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For example, Des Moines Water Works recently sued the leaders of three upstream farming counties for failing to keep nitrates out of the water supply. The lawsuit alleges that the counties’ voluntary measures to reduce nitrate pollution have failed, forcing the utility to filter water at considerable public expense. In the Des Moines case, county officials knew they were missing the mark on nitrate pollution. But other cases have found civil liability when responsible parties unknowingly made a mistake. For example, lenders and corporations that read FEMA flood-insurance maps incorrectly have historically escaped liability, even when their mistakes result in uninsured losses for homeowners. But that changed in 2008 with a federal appeals court ruling that allowed a Mississippi couple to sue a company that determined that their property was not in a federal flood zone and therefore didn’t need flood insurance. Their home was inundated by Hurricane Katrina. Could local officials be held accountable if they fail to protect their citizens from climate disaster? Recent federal rulings suggest that they could. Notably, in May of this year, the Court of Federal Claims found the U.S. Army Corps of Engineers liable for damage caused by flooding from Katrina and other storms. Judge Susan Braden ruled that the corps’ failure to properly maintain the Mississippi River-Gulf Outlet exacerbated flood damage, depriving landowners of the use of their homes. Federal flood-control projects usually enjoy immunity from liability, but in this case the government’s negligence was found to be an unconstitutional “taking” of citizens’ property. Failure to prevent climate disaster could even, in the rarest and most egregious circumstances, result in criminal charges. Even if someone does not deliberately intend to cause harm, they may be accused of a crime if they act in a manner that leads to serious harm or loss of life. Such was the case last year when James Pflueger, the owner of a dam in Hawaii, was indicted for common law murder. Pflueger’s failure to safely maintain the dam resulted in a catastrophic 2006 breach that killed seven people. (The case was eventually dropped due to Pflueger’s advanced age and his willingness to pay considerable restitution to the victims’ families.) Decision-makers who fail to ensure climate-safe design and construction could find themselves in similar straits. Most American cities and towns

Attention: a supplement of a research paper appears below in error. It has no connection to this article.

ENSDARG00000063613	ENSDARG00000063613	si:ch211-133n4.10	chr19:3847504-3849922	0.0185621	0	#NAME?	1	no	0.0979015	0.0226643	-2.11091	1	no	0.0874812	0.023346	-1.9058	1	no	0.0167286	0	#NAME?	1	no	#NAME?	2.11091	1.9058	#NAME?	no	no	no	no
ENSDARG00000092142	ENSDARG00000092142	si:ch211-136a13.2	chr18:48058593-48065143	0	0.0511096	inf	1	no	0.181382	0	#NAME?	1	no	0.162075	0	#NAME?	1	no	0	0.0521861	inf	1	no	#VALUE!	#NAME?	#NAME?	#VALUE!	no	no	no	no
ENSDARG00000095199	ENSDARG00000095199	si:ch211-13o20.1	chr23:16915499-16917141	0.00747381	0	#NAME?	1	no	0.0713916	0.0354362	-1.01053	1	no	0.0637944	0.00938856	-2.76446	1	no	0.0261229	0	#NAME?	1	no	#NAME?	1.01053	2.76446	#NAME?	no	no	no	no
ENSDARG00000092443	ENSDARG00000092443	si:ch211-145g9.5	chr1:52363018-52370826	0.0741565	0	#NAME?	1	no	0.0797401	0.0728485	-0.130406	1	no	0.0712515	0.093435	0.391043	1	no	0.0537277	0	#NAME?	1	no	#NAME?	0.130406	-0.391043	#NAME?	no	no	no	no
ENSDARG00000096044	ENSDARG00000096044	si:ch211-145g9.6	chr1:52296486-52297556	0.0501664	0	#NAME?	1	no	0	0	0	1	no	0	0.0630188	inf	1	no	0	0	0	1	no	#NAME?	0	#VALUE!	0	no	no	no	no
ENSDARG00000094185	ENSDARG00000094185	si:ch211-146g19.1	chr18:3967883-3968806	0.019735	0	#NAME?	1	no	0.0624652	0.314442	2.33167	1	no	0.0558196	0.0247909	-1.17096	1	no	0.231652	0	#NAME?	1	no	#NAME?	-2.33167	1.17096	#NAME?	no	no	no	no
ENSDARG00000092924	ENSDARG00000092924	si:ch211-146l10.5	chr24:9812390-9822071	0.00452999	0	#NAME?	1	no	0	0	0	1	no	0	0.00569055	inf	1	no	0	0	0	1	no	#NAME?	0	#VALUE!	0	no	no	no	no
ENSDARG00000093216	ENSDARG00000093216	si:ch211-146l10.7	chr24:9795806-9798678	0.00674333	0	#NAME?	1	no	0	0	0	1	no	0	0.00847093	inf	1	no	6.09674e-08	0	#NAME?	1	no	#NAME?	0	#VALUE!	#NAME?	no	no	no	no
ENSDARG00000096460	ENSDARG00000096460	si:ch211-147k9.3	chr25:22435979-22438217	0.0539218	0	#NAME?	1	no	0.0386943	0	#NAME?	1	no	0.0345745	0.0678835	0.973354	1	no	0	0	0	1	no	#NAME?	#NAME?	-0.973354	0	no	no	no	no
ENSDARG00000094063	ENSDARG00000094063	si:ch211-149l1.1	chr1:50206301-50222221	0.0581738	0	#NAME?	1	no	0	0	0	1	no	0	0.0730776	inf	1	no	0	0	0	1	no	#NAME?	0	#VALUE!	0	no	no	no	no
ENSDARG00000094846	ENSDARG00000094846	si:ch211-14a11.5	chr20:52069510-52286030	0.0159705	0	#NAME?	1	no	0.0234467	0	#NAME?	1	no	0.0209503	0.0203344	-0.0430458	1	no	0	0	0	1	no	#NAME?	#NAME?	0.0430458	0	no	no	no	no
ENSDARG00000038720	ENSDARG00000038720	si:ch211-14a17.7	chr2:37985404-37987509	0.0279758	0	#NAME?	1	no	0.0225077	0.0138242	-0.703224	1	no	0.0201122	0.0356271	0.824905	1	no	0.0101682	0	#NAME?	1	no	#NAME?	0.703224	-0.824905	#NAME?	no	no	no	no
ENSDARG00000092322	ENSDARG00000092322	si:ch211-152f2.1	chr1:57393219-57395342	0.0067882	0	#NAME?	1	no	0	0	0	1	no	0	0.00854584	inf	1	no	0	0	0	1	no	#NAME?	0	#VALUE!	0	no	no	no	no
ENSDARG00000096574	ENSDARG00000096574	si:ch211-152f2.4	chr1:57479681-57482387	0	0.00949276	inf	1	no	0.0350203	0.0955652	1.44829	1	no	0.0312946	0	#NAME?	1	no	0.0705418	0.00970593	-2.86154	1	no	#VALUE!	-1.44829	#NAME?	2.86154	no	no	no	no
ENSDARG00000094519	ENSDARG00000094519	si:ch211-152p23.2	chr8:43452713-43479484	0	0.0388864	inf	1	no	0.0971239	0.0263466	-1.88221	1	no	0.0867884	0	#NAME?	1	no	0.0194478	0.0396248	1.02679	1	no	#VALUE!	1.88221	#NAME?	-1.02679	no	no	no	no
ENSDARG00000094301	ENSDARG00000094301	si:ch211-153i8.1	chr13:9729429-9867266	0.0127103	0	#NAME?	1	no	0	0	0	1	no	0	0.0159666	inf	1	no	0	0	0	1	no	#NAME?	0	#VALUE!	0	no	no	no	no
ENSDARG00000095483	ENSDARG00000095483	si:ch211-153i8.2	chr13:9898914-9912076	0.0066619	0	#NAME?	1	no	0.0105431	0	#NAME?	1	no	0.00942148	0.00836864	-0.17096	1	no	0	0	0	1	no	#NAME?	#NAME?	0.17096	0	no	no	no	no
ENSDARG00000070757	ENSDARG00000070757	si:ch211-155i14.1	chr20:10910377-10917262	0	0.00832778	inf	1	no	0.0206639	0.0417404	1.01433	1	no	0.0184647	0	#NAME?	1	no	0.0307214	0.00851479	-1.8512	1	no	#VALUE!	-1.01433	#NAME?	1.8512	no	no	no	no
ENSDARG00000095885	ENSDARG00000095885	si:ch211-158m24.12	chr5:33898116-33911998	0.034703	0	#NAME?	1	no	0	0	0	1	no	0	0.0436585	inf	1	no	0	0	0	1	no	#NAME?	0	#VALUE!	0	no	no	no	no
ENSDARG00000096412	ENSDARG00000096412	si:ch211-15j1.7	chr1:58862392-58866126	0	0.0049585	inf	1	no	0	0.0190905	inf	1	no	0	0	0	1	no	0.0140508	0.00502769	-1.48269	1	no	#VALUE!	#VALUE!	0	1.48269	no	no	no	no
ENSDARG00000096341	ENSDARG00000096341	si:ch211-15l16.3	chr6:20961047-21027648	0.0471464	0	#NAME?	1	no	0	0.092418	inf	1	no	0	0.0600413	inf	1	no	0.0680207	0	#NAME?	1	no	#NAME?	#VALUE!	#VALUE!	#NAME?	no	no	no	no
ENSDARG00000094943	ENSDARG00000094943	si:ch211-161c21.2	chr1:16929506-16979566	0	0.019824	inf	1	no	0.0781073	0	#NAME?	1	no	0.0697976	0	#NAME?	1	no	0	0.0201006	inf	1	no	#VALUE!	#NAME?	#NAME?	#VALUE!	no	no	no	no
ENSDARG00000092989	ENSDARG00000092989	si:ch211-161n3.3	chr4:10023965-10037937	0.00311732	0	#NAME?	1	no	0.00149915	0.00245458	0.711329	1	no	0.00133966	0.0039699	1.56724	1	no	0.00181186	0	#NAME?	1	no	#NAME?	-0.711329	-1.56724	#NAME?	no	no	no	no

the legal consequences of ignoring climate change •†21

are sorely unprepared for the current climate, and even less prepared for future climate-change impacts. Some municipal governments have made significant contributions to adaptation planning and implementation, but generally there remains a troubling and ever-increasing gap between climate-related vulnerabilities and local preparedness. According to a 2011 survey, only 13 percent of U.S. cities had even completed an assessment of their vulnerabilities and risks. Failure to prepare is not a victimless crime. In unprepared communities, people will suffer vast, preventable misery. Families will lose their homes. Lives will be lost. Public treasuries will be drained, leaving fewer resources available for education, infrastructure and other public needs. And those who suffer will seek justice. At its core, government exists to prevent us from harming each other. When government fails in that duty, the victims may well seek to share their misery with all who have contributed to their misfortune. Decision-makers who ignore the threat of climate change, take note: Whether at the gates of St. Peter’s or before a judge, you may be called upon to answer for your actions.


Building for Resilience Makes (Good Business) Sense Sarene Marshall

Originally published November 16, 2015 on


atrina. Sandy. Joaquin. Patricia. If it seems to you that weather-related disasters are on the rise, you’re not mistaken: the number of such disasters in North America has nearly quintupled since 1980. That’s because a changing climate brings more extreme weather, and because more people and property are in harm’s way than ever before.

These disasters—from drought and wildfires to hurricanes and flooding—are spurring forward-thinking architects and developers to “build for resilience.” A new report from the Urban Land Institute (ULI) shows that building for resilience makes sense for people, for the planet—and for the bottom line. Building for resilience means following emerging best practices in land use, design, and construction to protect buildings—and their inhabitants—from climate risks. The ULI report, Returns on Resilience: The Business Case offers ten case studies of projects that have adopted this approach. Consider, for example, the Spaulding Rehabilitation Hospital in Boston. When Partners Healthcare set out to build the new hospital a decade ago, it chose a site on the Boston waterfront, where patients could engage in water sports, including kayaking, as part of their rehab program. But, just as planning began, Hurricane Katrina struck New Orleans and dozens of patients died in that city’s hospitals because of flooding and systems failures—a catastrophe that forced Spaulding to rethink the project. Determined to prevent a similar disaster, the Partners team built Spaulding to withstand intense storms, flooding, and power loss. They raised the hospital’s first floor well above the 500-year flood level, and all 23